November 7, 2019
After my Rotary Club meeting this morning, instead of going directly home and changing out of my “nice” clothes into what could easily pass for something akin to “urban slob attire,” (I was wearing mascara and earrings after all) I decided to take care of a few items needing my attention. So, I took my car through the car wash. It was heavily coated in salt water residue after sitting adjacent to the ocean for a week and it badly needed attention. Then I decided a quick visit to the supermarket was in order. The market in question is part of a mid-size regional chain, family-owned, and its culture is decidedly quirky. I never know what to expect when I walk through the doors. What I do know I will always find are its constants: smiling faces, helpful attitudes, and people who are either excellent actors or who truly enjoy what they do. Everyone makes eye contact, says “hello,” inquires if I need anything and just generally has a helpful attitude. Among the more endearing features is the aroma of the bread department that greets your olfactory senses as soon as you walk in the door and the regular and fun announcements that “HOT BREAD just out of the oven!” both sure to cause a small stampede to the small, but well stocked bread counter. A few steps away are the bakery, deli, and produce, all overflowing with delectables. If you can escape without sampling, you are a stronger person than I. It is beyond tempting. It will have you in its clutches in seconds. There’s also a sushi chef on staff and you can literally buy your dinner because all sorts of hot entrees are ready for you to take home should you decide to forego cooking. It’s a mouthwatering dilemma. You can pick fresh herbs in any quantity, of course buy beer and wine – and grits – don’t forget the grits. This is the South, after all. I have never seen such a selection of grits. In this particular store, which isn’t large like the big chains, I am estimating there are at least a dozen varieties of grits from which to choose. One day, I will succumb and purchase. For now, I remain a Yankee.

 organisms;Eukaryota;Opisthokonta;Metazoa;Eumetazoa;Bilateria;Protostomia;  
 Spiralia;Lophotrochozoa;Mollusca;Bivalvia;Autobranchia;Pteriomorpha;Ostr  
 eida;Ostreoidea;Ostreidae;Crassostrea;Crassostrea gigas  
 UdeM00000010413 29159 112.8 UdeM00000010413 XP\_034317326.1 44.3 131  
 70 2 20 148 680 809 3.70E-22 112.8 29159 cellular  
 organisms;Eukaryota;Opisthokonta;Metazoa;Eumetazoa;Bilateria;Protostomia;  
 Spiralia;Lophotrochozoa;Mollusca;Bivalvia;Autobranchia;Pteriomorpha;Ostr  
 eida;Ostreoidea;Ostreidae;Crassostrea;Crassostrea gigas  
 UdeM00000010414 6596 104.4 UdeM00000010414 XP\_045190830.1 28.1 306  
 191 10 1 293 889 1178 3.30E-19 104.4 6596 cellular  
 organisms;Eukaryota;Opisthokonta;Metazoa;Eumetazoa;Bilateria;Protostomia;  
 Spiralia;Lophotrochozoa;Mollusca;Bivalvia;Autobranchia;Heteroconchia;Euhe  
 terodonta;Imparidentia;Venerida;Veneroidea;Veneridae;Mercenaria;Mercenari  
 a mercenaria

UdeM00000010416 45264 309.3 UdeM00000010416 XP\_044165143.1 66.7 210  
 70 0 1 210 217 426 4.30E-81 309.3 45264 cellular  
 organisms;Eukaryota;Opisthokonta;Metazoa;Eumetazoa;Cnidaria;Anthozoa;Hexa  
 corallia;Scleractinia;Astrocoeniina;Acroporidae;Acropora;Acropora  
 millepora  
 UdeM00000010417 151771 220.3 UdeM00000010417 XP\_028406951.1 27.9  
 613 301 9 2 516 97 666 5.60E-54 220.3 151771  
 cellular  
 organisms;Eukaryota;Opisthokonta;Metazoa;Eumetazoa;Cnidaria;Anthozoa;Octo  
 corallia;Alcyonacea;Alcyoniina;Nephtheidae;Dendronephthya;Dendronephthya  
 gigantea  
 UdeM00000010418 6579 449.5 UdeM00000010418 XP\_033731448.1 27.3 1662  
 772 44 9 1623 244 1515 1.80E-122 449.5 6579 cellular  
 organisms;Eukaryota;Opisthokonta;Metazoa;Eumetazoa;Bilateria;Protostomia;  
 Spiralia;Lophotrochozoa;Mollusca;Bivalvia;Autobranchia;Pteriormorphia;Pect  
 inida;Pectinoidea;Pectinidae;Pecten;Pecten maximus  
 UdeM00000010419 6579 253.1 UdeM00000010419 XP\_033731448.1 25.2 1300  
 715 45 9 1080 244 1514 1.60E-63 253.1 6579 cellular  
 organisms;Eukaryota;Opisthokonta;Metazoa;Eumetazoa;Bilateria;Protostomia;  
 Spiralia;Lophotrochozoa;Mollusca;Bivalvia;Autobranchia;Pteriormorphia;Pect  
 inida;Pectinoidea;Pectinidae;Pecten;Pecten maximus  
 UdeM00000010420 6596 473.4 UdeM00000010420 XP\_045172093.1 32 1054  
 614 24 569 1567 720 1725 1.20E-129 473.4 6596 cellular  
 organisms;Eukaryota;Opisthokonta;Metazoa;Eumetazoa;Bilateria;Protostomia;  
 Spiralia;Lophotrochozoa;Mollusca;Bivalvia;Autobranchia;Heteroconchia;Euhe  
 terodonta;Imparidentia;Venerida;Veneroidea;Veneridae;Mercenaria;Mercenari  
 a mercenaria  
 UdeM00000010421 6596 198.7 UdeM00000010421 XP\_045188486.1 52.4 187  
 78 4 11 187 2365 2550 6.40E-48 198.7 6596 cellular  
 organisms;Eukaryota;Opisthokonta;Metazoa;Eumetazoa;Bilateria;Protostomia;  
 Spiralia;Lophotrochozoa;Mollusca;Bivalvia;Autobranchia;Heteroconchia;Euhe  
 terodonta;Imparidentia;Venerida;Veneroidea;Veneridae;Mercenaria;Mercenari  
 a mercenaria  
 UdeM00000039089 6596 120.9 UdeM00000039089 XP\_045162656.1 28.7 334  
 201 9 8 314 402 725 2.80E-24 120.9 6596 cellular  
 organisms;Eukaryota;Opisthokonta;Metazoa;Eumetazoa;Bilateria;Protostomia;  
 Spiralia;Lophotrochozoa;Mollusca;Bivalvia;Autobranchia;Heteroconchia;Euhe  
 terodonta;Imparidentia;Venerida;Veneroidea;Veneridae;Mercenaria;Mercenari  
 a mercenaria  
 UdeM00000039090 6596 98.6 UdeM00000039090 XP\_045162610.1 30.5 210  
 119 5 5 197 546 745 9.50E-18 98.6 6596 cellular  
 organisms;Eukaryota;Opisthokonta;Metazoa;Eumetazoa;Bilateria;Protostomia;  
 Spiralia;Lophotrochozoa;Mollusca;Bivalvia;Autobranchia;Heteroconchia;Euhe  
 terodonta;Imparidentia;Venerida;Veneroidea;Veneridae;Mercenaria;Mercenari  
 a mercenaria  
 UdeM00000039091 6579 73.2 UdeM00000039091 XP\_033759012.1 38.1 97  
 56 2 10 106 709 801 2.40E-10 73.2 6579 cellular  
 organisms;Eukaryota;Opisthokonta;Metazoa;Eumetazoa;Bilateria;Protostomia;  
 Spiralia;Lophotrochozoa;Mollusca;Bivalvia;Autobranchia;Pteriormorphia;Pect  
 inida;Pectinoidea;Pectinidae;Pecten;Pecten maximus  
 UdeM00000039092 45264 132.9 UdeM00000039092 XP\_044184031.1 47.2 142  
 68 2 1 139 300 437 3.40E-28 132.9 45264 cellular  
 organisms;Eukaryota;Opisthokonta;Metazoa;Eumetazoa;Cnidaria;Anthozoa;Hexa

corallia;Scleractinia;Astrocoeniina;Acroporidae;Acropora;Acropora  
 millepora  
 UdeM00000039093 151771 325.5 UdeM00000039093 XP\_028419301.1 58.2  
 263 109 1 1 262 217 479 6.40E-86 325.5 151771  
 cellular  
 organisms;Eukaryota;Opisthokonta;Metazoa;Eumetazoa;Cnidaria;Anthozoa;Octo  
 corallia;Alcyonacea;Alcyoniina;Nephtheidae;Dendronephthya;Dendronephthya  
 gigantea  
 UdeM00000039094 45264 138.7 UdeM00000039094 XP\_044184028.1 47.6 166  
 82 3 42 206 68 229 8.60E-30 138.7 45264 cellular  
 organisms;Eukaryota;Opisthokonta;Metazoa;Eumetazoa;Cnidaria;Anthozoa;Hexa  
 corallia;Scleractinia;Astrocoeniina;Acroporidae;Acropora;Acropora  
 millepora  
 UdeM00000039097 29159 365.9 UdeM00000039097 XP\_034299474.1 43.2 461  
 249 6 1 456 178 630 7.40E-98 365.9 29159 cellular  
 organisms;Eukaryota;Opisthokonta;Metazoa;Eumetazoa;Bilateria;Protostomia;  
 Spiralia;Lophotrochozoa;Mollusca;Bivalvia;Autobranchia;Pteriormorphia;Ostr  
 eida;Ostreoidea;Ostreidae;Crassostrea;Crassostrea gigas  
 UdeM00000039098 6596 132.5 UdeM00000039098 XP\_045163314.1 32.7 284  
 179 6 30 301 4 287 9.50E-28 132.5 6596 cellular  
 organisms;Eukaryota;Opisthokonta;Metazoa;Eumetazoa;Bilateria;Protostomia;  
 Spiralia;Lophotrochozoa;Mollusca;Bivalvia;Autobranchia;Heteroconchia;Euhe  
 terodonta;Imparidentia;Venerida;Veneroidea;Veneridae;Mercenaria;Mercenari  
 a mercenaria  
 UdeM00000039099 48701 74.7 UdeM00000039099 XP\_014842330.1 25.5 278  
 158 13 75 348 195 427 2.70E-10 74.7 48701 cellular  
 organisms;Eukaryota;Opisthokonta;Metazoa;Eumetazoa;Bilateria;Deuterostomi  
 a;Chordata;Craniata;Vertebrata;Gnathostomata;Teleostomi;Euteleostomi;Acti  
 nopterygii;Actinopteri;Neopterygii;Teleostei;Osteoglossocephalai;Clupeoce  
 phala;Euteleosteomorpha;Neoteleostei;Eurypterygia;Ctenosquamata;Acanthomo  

As I wend my way through the aisles, being greeted by probably 90 percent of those I pass with a warm smile or hello, I am suddenly struck by the fact that I have been living here for almost seven months. I have transitioned from the north to the south. I am also keenly aware that there are profound and subtle differences between life in the north and life in the south. These are just my observations. They are not meant to cast aspersions or criticisms on either location. Each has its own charms and identity. So, as I have said before, don’t get your panties in a wad. This is a blog. It’s not the law of the land and will certainly not stand up in a court of law. We are all entitled to our opinions. For entertainment purposes only. Calm down. Isn’t that Taylor Swift’s newest single?
As I stated, the friendliness is what first struck me. I really am amazed at how everyone seems to have taken their happy pill. I have encountered one “snippy” individual who told me to “watch my truck” when apparently I was loading things into my car perilously close to his precious gun rack adorned manhood announcing air pollution inducing pick-up. I smiled sweetly; really, to those who know me, I AM capable of that on rare occasions, and said “of course.” But again, those who know me, know what I was saying under my breath. Insert snarky, no, really bitchy comment here. Other than that guy, I have encountered no unpleasantness. Coupled with that is the proverbial, “Yes ma’am, no ma’am” peppered into most sentences. Initially, I was a little taken aback, but I have come to love it. It’s really quite charming. The facilities people at my complex call me “Miss” followed by my first name but also use the “yes ma’am” etc. I asked someone about it and was told that it’s just the way it is. They are taught at home, in school. It’s a way of life. I will take it. We could use more of this attention to good manners in other parts of the country.